How I Quit My Makeup Wipe Addiction

And still maintained my obsessive skincare routine…

My skincare routine has become something of a ritual for me. I wear a full makeup look most days, so I like to take proper care by removing every last swatch of it at the end of the day. I start by using a wipe to break down the makeup before washing my face with a water-based cleanser to really deep-clean my skin. But that means I watch my garbage bin fill up with makeup wipes week after week, and I can’t help but feel guilty. Not only am I quite literally throwing money away on disposable supplies, I’m creating an unnecessary amount of waste. Ever since Starbucks announced that it’s cutting out straws from its establishments, I have been looking for small ways to cut down my carbon footprint as well. My beauty regimen felt like an obvious place to start.

Considering that I use about one to two makeup wipes every day, I probably go through about four 150-packs of wipes a year. At $16 each, that’s over $60 a year—while not a fortune, it’s not an insignificant amount to throw away. Then there are the cotton pads—which I use post-wipe with toner—that I also keep tossing and repurchasing. Though those aren’t as expensive, they do pile up in the bin just as quickly.

If I could find reusable replacements, I’d still be able to keep my excessive routine without the guilt, I realized. So, while I was slightly worried that my skin would break out, I was ready to embark on a skincare experiment.

Step 1: Reusable makeup wipes

A purple makeup removal cloth beside its black plastic ziplock packaging.
(Photo: Sephora)

I came across these magic makeup-erasing cloths on Instagram, and while I wanted to believe their claim of requiring nothing more than warm water, as someone who typically *needs* coconut oil and makeup wipes and cleanser to remove my layers I was majorly skeptical. So I decided to ease in to trying them first on my simple everyday look—a lighter tinted moisturizer with my usual concealer/bronzer/mascara combo.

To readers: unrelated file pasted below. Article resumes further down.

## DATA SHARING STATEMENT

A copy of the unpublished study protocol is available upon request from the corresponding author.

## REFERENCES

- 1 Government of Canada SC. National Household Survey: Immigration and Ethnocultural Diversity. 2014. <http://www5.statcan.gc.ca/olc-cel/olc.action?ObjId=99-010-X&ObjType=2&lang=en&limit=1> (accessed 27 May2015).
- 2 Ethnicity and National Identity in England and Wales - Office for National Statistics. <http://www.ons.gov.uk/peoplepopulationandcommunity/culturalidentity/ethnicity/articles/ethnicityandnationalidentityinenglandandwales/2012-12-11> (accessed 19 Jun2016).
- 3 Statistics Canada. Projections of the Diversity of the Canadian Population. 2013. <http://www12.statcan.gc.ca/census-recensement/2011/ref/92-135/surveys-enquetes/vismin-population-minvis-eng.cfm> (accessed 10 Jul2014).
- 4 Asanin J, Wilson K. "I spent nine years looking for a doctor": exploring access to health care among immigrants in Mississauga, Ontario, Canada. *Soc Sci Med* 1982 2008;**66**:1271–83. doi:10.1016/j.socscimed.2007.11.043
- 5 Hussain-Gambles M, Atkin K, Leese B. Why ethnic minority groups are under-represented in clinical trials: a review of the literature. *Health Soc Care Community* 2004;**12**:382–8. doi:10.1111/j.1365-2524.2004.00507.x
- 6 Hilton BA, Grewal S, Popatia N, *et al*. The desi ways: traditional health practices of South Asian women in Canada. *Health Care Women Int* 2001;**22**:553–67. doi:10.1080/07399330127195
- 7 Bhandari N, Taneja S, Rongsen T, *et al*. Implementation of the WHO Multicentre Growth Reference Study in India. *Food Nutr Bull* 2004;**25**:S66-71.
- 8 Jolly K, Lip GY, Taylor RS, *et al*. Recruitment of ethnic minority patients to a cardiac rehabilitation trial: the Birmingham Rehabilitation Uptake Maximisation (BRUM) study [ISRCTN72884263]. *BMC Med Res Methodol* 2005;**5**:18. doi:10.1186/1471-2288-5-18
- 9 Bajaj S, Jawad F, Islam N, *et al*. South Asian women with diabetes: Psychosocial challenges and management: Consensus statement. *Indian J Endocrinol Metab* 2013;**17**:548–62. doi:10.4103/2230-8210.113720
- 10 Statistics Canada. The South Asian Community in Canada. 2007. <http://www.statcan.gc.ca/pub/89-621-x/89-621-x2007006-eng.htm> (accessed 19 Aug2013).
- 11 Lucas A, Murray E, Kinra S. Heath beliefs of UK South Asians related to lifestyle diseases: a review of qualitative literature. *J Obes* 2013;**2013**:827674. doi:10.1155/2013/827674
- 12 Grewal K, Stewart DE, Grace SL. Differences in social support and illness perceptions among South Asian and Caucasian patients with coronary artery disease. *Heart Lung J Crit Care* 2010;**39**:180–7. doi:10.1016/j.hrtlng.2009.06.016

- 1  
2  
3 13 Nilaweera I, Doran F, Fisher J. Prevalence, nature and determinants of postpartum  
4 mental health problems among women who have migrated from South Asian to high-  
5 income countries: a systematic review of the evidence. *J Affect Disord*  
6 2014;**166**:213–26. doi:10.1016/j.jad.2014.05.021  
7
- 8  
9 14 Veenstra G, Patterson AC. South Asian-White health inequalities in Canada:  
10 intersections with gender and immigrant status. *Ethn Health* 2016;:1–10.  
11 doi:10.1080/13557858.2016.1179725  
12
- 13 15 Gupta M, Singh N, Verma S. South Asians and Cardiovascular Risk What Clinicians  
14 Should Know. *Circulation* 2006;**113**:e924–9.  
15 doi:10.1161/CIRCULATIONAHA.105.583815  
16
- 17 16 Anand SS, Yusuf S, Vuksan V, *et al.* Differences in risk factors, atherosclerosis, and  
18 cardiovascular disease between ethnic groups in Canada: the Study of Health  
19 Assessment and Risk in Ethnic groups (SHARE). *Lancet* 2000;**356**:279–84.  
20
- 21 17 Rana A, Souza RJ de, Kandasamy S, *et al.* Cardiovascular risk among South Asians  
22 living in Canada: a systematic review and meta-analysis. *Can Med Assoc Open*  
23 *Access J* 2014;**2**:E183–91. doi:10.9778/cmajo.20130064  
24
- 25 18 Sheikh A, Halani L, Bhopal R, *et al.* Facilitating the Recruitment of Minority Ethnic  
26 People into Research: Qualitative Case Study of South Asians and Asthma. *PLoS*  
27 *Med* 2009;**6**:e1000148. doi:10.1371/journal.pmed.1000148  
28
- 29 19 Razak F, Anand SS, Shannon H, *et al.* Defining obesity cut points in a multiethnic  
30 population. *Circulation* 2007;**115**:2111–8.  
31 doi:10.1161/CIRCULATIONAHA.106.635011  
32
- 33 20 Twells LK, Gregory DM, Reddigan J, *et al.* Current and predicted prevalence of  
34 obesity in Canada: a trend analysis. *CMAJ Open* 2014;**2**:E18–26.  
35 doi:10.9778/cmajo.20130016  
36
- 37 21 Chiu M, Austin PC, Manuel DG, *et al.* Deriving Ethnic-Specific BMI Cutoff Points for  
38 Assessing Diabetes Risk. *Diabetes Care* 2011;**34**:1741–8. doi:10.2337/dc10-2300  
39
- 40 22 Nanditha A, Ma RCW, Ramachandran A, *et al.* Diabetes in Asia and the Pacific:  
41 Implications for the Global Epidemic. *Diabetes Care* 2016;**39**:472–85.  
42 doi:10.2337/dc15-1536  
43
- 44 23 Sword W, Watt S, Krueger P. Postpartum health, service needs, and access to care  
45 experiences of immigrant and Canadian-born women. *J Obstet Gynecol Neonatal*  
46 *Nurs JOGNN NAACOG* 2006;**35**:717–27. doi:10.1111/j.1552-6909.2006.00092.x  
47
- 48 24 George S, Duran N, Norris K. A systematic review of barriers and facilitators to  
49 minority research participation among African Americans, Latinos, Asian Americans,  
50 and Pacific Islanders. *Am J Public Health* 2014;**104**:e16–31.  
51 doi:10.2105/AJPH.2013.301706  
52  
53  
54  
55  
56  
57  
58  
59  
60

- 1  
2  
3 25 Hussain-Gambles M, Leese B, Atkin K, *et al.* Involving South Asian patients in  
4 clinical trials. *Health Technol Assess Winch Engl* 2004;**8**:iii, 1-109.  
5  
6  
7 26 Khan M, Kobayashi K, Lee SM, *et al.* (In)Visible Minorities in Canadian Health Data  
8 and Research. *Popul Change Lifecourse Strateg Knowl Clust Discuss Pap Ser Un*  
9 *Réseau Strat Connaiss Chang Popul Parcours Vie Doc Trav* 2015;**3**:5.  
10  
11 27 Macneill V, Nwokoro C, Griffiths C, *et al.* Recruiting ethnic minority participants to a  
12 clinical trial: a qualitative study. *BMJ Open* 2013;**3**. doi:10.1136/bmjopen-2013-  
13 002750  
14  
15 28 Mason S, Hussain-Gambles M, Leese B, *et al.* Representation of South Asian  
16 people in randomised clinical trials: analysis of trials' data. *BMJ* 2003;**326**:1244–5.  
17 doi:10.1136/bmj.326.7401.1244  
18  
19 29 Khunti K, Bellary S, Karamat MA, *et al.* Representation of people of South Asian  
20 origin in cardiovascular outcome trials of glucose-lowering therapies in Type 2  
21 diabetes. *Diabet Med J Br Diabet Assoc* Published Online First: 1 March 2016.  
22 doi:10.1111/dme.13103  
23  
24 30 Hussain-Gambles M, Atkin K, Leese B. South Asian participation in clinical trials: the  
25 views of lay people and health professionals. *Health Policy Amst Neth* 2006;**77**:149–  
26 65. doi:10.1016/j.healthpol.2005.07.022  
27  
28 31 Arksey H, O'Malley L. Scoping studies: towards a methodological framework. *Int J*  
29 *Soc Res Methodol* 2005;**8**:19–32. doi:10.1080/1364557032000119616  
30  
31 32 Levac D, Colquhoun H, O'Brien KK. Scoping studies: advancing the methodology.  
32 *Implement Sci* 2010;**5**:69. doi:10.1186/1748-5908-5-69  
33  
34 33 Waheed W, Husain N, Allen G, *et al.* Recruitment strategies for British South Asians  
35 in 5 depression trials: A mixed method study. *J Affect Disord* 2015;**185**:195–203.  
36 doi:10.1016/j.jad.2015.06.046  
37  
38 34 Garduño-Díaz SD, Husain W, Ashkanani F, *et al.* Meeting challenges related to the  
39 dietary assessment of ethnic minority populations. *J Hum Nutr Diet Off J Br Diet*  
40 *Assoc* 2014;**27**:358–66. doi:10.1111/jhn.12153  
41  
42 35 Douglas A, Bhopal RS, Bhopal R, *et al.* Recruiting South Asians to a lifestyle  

I ran cloth the under warm water until it was saturated and wrung out the excess. Then, I rubbed my face in small circular motions. The cloth took the makeup off surprisingly well, and with less force than I normally apply with a disposable makeup wipe. Massaging its soft texture against my face was actually quite relaxing, too. I followed with cleanser, like usual, and didn’t notice any more makeup than normal washing down the sink.

However, after using it on a *full-glam* day, the results were less satisfactory. The towel looked really stained, and there was still a considerable amount of makeup left on my face. The instructions advise to just “finish by rinsing out the towel with warm water” but, sweetie, warm water has got nothing on this longwear formula! This is something to keep in mind if you have a darker skin tone (ergo, a darker foundation that may stain the towel more noticeably).

I tried again, this time using some of my trusty coconut oil with the cloth. It seemed to work better, but I’m not so sure about the hygienic aspect—oil is harder to get out of fabric, so I would probably need to wash the cloth with soap directly after use.

Without oil, I was able to use each towel four times, so the pack of two towels lasted me a week before I had to wash them—not bad at all. At $15 for two towels, I may just stock up so I don’t have to do laundry that often.